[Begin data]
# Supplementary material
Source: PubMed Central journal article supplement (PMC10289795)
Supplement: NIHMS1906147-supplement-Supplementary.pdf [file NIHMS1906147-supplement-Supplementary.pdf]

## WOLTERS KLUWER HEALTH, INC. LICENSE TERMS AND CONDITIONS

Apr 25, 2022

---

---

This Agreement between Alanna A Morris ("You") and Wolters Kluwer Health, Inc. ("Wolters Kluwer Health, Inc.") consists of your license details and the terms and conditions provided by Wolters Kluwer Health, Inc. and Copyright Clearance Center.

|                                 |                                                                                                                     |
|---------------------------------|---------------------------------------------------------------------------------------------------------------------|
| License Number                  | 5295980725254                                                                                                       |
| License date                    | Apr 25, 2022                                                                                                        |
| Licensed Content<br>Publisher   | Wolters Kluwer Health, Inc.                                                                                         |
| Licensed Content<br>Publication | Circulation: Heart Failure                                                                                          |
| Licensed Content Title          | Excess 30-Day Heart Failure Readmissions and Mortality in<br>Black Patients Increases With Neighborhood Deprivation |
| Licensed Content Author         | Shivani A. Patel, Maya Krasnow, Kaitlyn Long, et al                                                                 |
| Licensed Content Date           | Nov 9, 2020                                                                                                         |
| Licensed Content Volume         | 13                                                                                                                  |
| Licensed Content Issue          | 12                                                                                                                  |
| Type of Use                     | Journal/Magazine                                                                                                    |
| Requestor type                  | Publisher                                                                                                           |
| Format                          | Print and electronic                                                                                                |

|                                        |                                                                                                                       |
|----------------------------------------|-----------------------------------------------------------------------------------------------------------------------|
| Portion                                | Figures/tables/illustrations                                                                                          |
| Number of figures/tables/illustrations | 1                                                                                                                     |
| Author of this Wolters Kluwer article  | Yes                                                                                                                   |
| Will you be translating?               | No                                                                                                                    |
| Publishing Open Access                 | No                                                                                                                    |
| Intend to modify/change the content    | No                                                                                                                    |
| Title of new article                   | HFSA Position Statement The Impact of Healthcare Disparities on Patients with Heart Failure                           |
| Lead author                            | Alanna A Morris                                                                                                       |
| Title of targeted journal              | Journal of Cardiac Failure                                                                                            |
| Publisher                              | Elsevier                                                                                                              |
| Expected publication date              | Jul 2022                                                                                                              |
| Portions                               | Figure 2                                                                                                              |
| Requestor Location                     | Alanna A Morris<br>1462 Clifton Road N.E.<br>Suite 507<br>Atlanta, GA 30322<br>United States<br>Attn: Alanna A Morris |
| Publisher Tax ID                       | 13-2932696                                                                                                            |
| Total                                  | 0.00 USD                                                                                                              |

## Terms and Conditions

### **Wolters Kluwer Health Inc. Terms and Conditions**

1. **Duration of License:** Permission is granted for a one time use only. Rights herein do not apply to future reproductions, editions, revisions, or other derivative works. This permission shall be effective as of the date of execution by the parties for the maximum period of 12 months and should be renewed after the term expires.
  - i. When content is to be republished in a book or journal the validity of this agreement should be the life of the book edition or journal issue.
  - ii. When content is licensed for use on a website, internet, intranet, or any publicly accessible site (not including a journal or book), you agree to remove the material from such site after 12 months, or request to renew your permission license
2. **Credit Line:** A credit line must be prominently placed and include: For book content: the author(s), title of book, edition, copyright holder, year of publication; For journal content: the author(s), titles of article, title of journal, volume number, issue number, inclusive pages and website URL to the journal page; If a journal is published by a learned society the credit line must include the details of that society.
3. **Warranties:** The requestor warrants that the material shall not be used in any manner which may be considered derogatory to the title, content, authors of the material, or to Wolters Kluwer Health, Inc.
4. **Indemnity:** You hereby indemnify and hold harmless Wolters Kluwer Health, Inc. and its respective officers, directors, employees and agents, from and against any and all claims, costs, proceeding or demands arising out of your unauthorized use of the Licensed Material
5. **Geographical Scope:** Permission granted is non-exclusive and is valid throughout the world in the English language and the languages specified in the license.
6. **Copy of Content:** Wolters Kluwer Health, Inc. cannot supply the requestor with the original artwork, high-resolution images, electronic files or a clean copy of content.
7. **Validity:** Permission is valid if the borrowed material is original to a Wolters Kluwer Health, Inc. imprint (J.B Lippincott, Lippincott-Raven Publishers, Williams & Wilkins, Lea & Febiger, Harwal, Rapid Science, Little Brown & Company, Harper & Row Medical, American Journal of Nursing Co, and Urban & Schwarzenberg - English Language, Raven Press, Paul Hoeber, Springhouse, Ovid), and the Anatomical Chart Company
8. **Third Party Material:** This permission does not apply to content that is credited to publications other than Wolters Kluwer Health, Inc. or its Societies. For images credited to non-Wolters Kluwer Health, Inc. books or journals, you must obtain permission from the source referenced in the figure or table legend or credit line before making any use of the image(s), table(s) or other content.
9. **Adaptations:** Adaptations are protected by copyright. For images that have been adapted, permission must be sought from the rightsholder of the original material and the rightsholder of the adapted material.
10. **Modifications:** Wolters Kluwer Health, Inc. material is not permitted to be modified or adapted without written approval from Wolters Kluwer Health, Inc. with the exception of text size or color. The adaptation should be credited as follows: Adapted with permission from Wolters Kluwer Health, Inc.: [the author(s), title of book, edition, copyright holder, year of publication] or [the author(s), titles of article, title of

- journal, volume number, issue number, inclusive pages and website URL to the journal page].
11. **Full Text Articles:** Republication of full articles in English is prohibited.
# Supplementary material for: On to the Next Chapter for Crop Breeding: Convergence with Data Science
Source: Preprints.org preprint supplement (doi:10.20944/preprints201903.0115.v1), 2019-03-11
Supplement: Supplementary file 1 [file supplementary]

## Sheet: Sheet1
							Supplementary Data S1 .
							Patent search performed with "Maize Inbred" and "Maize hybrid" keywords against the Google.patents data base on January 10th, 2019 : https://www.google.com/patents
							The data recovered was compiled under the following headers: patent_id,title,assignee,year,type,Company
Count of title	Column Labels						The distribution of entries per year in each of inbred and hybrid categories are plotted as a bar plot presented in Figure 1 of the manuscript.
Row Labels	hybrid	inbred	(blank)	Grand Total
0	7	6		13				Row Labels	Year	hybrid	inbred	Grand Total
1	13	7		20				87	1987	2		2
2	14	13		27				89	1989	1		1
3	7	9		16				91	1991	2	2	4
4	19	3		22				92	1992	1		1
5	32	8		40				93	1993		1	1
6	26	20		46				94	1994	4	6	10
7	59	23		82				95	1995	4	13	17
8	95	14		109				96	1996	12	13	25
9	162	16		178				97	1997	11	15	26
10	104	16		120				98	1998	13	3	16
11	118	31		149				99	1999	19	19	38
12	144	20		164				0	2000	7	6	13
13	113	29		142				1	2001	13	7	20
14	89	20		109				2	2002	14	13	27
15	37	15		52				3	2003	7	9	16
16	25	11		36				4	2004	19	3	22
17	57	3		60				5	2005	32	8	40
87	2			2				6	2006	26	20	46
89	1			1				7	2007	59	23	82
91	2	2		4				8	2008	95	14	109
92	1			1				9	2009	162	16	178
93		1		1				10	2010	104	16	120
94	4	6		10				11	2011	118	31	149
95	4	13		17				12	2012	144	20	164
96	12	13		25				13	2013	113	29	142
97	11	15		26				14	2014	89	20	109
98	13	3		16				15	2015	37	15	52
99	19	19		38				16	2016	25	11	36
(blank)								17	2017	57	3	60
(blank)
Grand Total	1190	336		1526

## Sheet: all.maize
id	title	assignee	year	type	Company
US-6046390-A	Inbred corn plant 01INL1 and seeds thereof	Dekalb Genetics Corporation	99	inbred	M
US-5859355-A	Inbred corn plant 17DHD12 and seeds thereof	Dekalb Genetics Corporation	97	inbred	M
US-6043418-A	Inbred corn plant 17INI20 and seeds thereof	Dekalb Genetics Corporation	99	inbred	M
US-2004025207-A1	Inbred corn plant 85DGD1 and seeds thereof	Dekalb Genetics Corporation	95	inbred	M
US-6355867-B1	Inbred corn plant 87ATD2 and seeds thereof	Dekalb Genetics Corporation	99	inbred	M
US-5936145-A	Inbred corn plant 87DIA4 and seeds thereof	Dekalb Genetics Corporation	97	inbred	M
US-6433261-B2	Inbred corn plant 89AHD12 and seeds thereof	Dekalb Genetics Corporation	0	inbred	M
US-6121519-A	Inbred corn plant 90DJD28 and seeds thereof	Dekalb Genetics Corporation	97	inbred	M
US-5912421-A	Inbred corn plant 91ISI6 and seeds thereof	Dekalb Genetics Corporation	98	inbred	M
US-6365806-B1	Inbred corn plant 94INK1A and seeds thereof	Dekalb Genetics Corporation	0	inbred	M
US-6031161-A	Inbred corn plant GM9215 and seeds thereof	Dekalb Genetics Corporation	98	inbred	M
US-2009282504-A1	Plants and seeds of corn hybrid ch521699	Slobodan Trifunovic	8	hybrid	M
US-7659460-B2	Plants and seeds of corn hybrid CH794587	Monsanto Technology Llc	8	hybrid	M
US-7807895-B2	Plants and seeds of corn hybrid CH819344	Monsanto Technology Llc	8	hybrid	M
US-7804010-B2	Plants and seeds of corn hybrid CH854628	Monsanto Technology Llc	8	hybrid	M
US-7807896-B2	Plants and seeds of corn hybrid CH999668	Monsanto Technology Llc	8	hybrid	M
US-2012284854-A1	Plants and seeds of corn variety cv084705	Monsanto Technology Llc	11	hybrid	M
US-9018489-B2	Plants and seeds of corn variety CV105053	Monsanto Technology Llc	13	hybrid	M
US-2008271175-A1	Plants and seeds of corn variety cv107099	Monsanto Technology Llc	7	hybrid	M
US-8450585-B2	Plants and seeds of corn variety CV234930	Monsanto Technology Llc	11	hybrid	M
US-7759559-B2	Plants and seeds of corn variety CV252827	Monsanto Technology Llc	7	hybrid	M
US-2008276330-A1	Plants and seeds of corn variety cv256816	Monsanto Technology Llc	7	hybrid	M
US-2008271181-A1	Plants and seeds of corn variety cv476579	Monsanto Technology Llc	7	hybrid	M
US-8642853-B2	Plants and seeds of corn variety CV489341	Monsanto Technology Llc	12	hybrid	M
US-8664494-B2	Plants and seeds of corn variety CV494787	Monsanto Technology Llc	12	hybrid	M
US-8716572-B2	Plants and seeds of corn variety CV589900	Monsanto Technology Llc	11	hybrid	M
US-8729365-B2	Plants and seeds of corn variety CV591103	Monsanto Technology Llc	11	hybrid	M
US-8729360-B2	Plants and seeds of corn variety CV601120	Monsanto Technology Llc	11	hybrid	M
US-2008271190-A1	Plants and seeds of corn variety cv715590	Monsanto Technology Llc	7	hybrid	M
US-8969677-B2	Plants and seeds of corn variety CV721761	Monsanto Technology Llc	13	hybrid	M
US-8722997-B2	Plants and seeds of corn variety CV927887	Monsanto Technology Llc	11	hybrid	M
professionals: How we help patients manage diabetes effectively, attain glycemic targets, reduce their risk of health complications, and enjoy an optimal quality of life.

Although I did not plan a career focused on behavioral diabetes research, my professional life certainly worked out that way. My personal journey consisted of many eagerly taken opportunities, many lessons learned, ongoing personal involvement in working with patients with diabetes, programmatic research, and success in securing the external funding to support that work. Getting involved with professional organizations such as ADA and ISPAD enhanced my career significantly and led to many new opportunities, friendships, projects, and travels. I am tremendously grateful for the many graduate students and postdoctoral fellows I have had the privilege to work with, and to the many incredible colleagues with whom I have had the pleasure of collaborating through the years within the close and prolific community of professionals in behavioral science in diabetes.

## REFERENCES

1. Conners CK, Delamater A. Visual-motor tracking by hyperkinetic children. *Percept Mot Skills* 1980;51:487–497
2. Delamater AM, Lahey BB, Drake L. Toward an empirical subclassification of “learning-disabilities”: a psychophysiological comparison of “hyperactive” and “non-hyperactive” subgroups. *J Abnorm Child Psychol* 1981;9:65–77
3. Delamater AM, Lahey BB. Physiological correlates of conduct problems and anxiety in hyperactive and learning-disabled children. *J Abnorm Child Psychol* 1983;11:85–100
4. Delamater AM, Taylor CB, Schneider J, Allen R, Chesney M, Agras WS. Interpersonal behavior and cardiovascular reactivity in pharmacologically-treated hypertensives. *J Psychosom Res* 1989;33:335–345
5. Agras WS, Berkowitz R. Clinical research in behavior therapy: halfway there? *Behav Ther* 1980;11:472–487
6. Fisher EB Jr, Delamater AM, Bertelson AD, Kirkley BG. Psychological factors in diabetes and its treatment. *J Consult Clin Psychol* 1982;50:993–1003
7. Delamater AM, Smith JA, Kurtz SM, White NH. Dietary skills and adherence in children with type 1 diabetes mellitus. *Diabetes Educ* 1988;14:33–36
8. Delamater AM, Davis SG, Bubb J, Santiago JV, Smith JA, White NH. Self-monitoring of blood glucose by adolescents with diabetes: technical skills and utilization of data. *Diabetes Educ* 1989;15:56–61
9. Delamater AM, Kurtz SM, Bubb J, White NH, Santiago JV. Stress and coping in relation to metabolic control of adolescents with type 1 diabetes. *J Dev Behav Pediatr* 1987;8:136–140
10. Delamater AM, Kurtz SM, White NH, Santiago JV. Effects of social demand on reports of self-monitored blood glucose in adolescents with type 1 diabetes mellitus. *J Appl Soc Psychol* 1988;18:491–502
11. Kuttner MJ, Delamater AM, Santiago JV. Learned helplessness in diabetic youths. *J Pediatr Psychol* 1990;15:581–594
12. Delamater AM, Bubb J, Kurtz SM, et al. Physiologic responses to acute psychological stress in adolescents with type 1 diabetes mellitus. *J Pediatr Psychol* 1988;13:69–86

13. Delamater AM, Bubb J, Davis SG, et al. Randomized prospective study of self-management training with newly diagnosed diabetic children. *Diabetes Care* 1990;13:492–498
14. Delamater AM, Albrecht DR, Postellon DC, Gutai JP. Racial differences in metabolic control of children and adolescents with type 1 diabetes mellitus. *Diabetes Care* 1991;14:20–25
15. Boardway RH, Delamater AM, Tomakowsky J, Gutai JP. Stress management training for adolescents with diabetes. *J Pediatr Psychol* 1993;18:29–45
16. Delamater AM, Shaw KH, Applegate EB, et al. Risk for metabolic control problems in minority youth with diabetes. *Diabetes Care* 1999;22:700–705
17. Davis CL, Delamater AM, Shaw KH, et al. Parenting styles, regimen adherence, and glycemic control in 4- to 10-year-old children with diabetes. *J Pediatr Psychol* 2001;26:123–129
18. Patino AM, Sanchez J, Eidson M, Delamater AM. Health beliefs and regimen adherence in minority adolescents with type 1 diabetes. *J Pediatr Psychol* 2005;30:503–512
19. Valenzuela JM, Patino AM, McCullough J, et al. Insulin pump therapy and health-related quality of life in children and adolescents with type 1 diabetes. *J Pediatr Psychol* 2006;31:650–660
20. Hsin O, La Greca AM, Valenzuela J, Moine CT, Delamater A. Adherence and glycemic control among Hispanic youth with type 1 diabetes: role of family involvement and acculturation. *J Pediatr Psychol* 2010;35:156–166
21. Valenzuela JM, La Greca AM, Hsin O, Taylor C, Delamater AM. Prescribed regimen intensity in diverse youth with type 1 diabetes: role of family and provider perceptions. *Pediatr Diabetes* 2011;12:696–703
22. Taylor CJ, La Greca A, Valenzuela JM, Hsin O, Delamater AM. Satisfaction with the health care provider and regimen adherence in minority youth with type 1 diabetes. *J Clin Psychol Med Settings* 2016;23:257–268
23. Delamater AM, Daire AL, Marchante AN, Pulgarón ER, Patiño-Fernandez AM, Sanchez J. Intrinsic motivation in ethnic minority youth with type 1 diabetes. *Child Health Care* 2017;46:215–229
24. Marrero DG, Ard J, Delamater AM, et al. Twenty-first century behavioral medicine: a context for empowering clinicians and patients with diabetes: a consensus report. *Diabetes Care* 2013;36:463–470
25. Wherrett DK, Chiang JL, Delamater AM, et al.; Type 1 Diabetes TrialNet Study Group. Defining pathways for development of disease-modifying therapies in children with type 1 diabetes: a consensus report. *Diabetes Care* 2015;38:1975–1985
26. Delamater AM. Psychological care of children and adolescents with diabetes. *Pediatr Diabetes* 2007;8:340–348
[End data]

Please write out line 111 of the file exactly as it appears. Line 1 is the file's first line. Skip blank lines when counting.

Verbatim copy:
US-7659460-B2	Plants and seeds of corn hybrid CH794587	Monsanto Technology Llc	8	hybrid	M